It’s starting to look Halliburton played a key part. “The focus is increasingly shifting to the role of Halliburton, which poured the cement for the rig, as well as for another operation that spilled oil off the coast of Australia last August,” writes Kate Sheppard at Mother Jones. The company apparently did not place a cement plug that would have kept gas in the well before emptying it of the mud that was holding in the flammable gas.

Anyone living in a state that could have new drilling off their coast should keep this catastrophe in mind if their politicians are given the option of vetoing new projects.

This post features links to the best independent, progressive reporting about the environment by members of The Media Consortium. It is free to reprint. Visit the Mulch for a complete list of articles on environmental issues, or follow us on Twitter. And for the best progressive reporting on critical economy, health care and immigration issues, check out The Audit, The Pulse, and The Diaspora. This is a project of The Media Consortium, a network of leading independent media outlets.

 

 

Delaying immigration reform gets expensive

From the Restore Fairness blog.

Sirens, helicopters, immigration agents with guns swarming into factories and homes, this was standard game for immigration raids during the Bush administration. But all that was supposed to change during President Obama’s tenure. In a disturbing turn of events, documents procured by the Washington Post have exposed a senior-ranking Immigrations and Customs Enforcement (ICE) official explicitly stating that even while deportation of those with criminal charges has risen, the overall number of deportations is “well below the agency’s goal” and what is needed is a reversal of the downward trend of deportations.

Rather than reflect the plans of the Obama administration that is committed to an enforcement agenda focused on immigrants that commit serious crimes, the exposed ICE memo has laid out a plan that will -

pump up the numbers by increasing detention space to hold more illegal immigrants while they await deportation proceedings; sweep prisons and jails to find more candidates for deportation and offering early release to those willing to go quickly; and, most controversially, include a “surge” in efforts to catch illegal immigrants whose only violation was lying on immigration or visa applications or reentering the United States after being deported.

In keeping with this plan, ICE field offices in Dallas, Chicago and Northern California have set their agents an incentive system that calls for them to process 40-60 cases in a month in order to earn “excellent” ratings. Such a policy encourages agents to target “easy” cases rather than focus on high risk, criminal cases that take longer to process.

ICE immediately distanced themselves from Chaparro’s memo.

Our longstanding focus remains on smart, effective immigration enforcement that places priority first on those dangerous criminal aliens who present risk to the security of our communities. This focus has yielded real results – between FY2008 and FY2009, criminal deportations increased by 19%… Significant portions of the memo cited in The Washington Post did not reflect our policies, was sent without my authorization, and has since been withdrawn and corrected.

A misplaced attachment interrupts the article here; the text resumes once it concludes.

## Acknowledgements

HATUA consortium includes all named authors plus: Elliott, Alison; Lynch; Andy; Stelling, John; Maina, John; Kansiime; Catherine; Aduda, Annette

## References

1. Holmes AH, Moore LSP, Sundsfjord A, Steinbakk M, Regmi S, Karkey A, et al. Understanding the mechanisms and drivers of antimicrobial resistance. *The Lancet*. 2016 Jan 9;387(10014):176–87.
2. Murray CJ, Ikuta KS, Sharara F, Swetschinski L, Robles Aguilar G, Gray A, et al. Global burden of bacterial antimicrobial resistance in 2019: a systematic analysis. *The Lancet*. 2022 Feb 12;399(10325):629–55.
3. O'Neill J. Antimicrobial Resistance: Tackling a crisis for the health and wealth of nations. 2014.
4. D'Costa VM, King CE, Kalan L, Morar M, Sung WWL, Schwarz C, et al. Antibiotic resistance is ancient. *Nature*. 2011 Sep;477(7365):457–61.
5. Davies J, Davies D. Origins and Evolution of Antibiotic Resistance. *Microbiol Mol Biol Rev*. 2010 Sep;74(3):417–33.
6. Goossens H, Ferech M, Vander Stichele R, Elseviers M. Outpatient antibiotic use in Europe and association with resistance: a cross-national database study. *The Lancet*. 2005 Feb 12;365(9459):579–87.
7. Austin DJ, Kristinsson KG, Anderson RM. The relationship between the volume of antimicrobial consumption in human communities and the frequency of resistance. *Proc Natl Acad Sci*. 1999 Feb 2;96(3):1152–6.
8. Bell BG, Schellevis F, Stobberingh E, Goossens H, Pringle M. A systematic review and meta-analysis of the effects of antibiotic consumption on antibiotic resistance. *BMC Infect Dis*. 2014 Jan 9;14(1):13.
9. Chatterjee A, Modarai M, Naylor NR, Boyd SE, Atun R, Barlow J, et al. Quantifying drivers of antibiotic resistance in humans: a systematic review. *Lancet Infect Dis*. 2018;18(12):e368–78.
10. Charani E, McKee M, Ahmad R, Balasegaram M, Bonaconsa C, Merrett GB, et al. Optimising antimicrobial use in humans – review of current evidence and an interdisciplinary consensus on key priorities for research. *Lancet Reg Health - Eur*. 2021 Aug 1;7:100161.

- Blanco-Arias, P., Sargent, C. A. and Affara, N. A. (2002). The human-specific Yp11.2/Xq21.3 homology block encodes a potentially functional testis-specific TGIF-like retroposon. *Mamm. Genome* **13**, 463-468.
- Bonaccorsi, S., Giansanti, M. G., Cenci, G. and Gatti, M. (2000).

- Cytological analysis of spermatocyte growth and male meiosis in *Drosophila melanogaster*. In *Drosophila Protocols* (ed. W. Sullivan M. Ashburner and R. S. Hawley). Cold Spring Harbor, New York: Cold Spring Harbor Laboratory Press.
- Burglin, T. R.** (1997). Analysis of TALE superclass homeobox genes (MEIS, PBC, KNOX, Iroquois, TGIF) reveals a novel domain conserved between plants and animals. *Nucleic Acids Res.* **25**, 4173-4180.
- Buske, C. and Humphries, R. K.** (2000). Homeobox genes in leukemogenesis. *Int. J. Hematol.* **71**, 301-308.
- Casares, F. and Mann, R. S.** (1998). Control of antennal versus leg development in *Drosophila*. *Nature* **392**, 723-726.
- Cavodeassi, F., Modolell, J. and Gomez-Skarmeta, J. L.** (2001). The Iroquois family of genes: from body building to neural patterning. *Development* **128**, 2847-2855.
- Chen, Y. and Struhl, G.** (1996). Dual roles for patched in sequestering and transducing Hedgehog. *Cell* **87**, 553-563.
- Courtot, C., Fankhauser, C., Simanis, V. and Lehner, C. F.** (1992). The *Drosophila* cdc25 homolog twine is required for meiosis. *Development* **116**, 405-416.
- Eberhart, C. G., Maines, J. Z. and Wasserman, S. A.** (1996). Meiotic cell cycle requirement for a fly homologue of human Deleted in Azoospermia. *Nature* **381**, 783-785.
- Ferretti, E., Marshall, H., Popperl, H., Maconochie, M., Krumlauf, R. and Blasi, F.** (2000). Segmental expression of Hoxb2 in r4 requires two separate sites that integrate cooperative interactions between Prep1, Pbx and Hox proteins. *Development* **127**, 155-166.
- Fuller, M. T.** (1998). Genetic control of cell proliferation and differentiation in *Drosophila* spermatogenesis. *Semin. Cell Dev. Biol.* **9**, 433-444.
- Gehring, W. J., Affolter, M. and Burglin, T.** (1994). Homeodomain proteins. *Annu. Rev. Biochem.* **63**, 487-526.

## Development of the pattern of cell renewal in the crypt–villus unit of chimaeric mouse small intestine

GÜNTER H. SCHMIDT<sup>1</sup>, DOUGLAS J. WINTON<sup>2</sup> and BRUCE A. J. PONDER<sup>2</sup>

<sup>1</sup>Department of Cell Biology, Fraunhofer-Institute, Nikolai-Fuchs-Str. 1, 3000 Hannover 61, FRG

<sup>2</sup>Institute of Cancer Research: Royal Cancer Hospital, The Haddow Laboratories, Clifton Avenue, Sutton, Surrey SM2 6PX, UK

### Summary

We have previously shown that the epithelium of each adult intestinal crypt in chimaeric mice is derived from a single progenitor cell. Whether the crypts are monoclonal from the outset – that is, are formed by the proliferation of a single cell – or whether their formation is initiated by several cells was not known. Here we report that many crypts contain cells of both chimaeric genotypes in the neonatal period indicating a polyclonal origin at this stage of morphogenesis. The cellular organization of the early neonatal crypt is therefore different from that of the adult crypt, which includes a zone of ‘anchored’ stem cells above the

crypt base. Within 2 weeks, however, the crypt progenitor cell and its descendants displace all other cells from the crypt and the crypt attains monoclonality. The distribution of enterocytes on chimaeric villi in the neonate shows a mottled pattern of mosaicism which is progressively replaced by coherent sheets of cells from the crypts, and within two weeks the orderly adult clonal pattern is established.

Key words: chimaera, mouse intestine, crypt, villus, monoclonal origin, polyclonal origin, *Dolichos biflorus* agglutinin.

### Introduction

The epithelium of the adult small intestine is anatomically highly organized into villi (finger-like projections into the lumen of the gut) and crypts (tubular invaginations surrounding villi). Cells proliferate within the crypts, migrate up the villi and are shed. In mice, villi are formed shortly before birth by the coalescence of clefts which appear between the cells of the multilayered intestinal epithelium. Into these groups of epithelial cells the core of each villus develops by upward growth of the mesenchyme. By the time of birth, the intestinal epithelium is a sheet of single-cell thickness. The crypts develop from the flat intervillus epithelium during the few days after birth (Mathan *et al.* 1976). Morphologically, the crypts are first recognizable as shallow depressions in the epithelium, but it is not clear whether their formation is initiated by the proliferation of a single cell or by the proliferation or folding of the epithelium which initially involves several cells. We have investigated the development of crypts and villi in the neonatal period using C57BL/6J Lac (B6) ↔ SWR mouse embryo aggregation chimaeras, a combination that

Mixed signals from an agency known for its harsh implementation of detention and deportation policies. A report published by the Center for American Progress weighs the fiscal damage that would result from mass deportation of all immigrants, the alternative to comprehensive reform that is championed by immigration hardliners, and the results should worry us all.

Based on federal spending on border enforcement and deportation for 2008, the report estimates the cost of detention and deportation for 10.8 million undocumented immigrants present in the U.S. at around 200 billion dollars. Referring to the option of mass deportation as the “status-quo on steriods”, it points to this option as a highly irresponsible one that would require “$922 in new taxes for every man, woman, and child in this country.” The bad news, the National Immigration Forum puts this number on the lower side.

The good news. Americans aren’t buying this option and are demanding immigration reform in record numbers. The Public Religion Research Institute asked American voters (predominantly white Evangelicals, Catholics and Mainline Protestants) what they think about immigration reform, and found-

Two-thirds of Americans believe in a comprehensive approach that offers illegal immigrants an earned path to citizenship. Overwhelming majorities of those asked believed that immigration reform should be guided by values of fairness, security, dignity and keeping families together.

On the other side is Public Agenda, a non partisan group that decided to find out what immigrants think about their lives in the United States. What did they find?

The overwhelming majority of immigrants say they’re happy in the United States, and would do it all over again if they could. Immigrants “buy in” to American society, for themselves and their children. They rate the United States as an improvement over their birthplace in almost all dimensions, and most say they expect their children to remain in this country. A solid majority says that illegal immigrants become productive citizens and an overwhelming 84 percent support a “guest worker” program

So what’s next? We’ve marched. We’ve rallied. We’ve practically shouted from rooftops demanding immigration reform. And now it’s time to make sure that we get some concrete action. With the current system broken, expensive and inefficient, and with 10.8 million people eager to contribute to the nation’s economy and society, everyone should be on board for finding a sustainable, just, and humane solution to the current immigration system. We rest our case.

Photo courtesy of americanprogress.org